7) Now we move on to the Product Statuses. This is where we enumerate the list of products that are directly concerned with vulnerability. The guidance here is to list the affected products followed by the fixed or recommended products.

        <Products Statuses>

7a) If we look at the “Affected Products/Vulnerable Products” section we will note which products and versions are vulnerable. If we then refer back to the Product Tree, we can enumerate their Product IDs.

            <Status Type="Known Affected">

7b) If we look at the “Software Versions and Fixes” section we will note which products and versions are fixed. If we then refer back to the Product Tree, we can enumerate their Product IDs.

            <Status Type="First Fixed">
        </Product Statuses>

8) Next we happen upon the Threats container. If we peruse the “Impact” section of the SA we find a description. That’s fodder for our Impact typed Threat container. The omission of any Product or Group IDs means this threat applies to all of the vulnerable products.

            <Threat Type="Impact">
                Successful exploitation of the vulnerability may result in execution of arbitrary commands on the device by an authenticated user or retrieval of configuration files and private keys by an unauthenticated user. The configuration files contain sensitive information in text, such as the HTTP passwords and PSKs. The retrieval of the certificates may aid in further attacks.

9) The next container we come across is the CVSS Score Sets. This stuff can be found in the “Vulnerability Scoring Details” section. A Score Set will always have a Base Score, but the Temporal and Environmental scores, as well as the Vector, are optional. In this case, we have a temporal score and a Vector and we fill them in accordingly.


10) The final section for Vulnerability is the Remediation container.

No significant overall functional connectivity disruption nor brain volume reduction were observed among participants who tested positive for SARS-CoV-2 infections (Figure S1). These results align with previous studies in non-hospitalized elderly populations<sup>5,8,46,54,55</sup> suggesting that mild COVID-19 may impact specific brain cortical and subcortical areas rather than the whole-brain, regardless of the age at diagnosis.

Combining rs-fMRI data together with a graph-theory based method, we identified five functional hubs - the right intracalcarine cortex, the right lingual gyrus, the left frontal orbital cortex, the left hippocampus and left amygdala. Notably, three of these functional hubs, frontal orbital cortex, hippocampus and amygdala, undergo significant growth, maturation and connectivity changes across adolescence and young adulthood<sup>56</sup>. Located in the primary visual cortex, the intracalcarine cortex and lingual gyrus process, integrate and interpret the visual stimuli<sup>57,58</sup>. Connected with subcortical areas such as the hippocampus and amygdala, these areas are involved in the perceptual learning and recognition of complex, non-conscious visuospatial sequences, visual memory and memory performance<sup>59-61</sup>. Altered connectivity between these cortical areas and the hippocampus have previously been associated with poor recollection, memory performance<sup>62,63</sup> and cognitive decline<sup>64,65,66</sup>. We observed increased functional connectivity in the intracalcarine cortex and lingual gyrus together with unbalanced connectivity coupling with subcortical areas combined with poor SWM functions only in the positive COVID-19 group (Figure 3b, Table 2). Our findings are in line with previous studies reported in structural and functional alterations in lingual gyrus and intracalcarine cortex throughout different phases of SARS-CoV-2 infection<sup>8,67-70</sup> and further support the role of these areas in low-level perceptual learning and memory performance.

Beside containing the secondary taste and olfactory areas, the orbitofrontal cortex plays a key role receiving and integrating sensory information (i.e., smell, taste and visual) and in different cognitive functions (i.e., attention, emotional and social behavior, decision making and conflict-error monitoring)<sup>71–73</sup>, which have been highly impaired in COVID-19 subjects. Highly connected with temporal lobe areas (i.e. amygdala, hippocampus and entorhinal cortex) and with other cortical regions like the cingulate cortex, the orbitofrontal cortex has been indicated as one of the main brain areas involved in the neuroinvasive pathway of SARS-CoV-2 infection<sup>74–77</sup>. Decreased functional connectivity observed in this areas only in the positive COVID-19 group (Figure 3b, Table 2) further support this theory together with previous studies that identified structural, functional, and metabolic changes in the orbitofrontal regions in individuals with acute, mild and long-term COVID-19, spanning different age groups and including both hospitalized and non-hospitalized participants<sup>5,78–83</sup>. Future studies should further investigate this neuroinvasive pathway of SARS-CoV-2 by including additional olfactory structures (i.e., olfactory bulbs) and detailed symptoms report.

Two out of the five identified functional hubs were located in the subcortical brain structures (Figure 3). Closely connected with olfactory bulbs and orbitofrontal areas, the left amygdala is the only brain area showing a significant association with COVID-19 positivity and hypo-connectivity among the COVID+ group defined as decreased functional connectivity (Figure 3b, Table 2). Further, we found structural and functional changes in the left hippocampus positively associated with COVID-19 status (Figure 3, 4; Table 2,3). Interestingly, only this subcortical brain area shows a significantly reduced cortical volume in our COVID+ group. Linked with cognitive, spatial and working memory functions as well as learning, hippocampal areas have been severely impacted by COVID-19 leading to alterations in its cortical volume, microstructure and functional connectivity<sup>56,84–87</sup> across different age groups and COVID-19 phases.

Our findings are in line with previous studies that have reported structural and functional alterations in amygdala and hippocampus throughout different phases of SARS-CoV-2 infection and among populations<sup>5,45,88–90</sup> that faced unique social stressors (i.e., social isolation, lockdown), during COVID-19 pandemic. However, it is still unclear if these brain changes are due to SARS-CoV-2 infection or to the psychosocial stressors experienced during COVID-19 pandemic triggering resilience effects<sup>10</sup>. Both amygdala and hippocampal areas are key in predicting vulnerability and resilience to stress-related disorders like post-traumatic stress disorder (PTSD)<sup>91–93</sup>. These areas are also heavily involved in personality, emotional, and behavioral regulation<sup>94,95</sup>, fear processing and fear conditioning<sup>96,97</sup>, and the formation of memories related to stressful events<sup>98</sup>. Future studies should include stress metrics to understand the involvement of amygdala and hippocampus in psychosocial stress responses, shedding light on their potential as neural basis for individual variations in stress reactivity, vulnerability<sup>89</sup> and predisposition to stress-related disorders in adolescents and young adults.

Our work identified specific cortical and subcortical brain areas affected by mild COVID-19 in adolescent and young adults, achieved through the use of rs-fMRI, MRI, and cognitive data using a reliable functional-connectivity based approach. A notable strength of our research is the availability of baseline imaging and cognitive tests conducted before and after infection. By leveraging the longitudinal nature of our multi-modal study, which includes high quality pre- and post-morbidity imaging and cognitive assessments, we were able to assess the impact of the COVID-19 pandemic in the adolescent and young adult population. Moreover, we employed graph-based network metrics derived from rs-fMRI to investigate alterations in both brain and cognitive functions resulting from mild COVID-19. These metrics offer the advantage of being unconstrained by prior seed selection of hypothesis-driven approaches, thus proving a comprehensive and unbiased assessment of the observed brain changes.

10a) The first step here is to determine the type of Remediation. We learn from the “Software Versions and Fixes” section that there is an official vendor fix, and we assign that as the Type.

            <Remediation Type="Vendor Fix">

10b) The mandatory Description element is created from the same section.

                The official fix from Cisco is to upgrade to the latest software release, the first fixed version is In all cases, customers should exercise caution to be certain the devices to be upgraded contain sufficient memory and that current hardware and software configurations will continue to be supported properly by the new release. If the information is not clear, contact the Cisco Small Business Support Center or your contracted maintenance provider for assistance.

10c) Entitlement is optional to the Remediation container, but likely a legal mandate by the Cisco powers that be. It is copied from the “Obtaining Fixed Software” section.

                Cisco has released free software updates that address this vulnerability. Prior to deploying software, customers should consult their maintenance provider or check the software for feature set compatibility and known issues specific to their environment. Customers may only install and expect support for the feature sets they have purchased. By installing, downloading, accessing or otherwise using such software upgrades, customers agree to be bound by the terms of Cisco's software license terms found at , or as otherwise set forth at Downloads at . Do not contact or for software upgrades. Customers should obtain upgraded software through their regular update channels. For most customers, this means that upgrades should be obtained through the Software Center on Cisco's worldwide website at If the information is not clear, please contact the Cisco Small Business Support Center or your contracted maintenance provider for assistance. Small Business Support Center contacts are as follows. +1 866 606 1866 (toll free from within North America) +1 408 418 1866 (toll call from anywhere in the world) Customers should have their product serial number available. Refer to for additional support contact information, including localized telephone numbers, and instructions and e-mail addresses for use in various languages.

10d) URL to the fixed software is optional but included here as it is specified by the SA in the “Software Versions and Fixes” section. Note the use of the ampersand escape sequence to specify the “&” in the query string portion of the URL.